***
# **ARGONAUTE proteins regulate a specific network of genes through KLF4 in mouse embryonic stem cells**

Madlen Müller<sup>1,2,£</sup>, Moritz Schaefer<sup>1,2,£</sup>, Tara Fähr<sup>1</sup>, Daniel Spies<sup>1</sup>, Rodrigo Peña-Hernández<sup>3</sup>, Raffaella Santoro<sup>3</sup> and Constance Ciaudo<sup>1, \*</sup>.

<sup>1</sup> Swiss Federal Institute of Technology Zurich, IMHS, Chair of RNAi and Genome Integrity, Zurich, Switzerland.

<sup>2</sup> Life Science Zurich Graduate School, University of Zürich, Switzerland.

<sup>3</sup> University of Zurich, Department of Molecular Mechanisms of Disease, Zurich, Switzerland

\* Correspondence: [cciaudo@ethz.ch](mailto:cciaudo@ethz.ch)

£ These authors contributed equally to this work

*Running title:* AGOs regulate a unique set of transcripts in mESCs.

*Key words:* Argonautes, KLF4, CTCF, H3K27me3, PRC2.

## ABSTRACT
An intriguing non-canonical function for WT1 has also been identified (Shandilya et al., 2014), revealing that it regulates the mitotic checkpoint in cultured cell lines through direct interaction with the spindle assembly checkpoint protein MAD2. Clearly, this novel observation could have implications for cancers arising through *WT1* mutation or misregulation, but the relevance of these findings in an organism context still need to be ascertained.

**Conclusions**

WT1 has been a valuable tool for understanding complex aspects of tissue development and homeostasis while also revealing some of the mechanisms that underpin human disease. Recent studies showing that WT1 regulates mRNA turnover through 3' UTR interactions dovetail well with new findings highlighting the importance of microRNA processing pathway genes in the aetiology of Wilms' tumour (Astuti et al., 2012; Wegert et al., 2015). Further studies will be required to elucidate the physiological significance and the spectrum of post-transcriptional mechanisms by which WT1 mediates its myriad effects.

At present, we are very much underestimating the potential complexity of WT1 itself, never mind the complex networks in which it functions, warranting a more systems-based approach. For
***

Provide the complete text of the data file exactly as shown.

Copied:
# **ARGONAUTE proteins regulate a specific network of genes through KLF4 in mouse embryonic stem cells**

Madlen Müller<sup>1,2,£</sup>, Moritz Schaefer<sup>1,2,£</sup>, Tara Fähr<sup>1</sup>, Daniel Spies<sup>1</sup>, Rodrigo Peña-Hernández<sup>3</sup>, Raffaella Santoro<sup>3</sup> and Constance Ciaudo<sup>1, \*</sup>.

<sup>1</sup> Swiss Federal Institute of Technology Zurich, IMHS, Chair of RNAi and Genome Integrity, Zurich, Switzerland.

<sup>2</sup> Life Science Zurich Graduate School, University of Zürich, Switzerland.

<sup>3</sup> University of Zurich, Department of Molecular Mechanisms of Disease, Zurich, Switzerland

\* Correspondence: [cciaudo@ethz.ch](mailto:cciaudo@ethz.ch)

£ These authors contributed equally to this work

*Running title:* AGOs regulate a unique set of transcripts in mESCs.

*Key words:* Argonautes, KLF4, CTCF, H3K27me3, PRC2.

## ABSTRACT
An intriguing non-canonical function for WT1 has also been identified (Shandilya et al., 2014), revealing that it regulates the mitotic checkpoint in cultured cell lines through direct interaction with the spindle assembly checkpoint protein MAD2. Clearly, this novel observation could have implications for cancers arising through *WT1* mutation or misregulation, but the relevance of these findings in an organism context still need to be ascertained.

**Conclusions**

WT1 has been a valuable tool for understanding complex aspects of tissue development and homeostasis while also revealing some of the mechanisms that underpin human disease. Recent studies showing that WT1 regulates mRNA turnover through 3' UTR interactions dovetail well with new findings highlighting the importance of microRNA processing pathway genes in the aetiology of Wilms' tumour (Astuti et al., 2012; Wegert et al., 2015). Further studies will be required to elucidate the physiological significance and the spectrum of post-transcriptional mechanisms by which WT1 mediates its myriad effects.

At present, we are very much underestimating the potential complexity of WT1 itself, never mind the complex networks in which it functions, warranting a more systems-based approach. For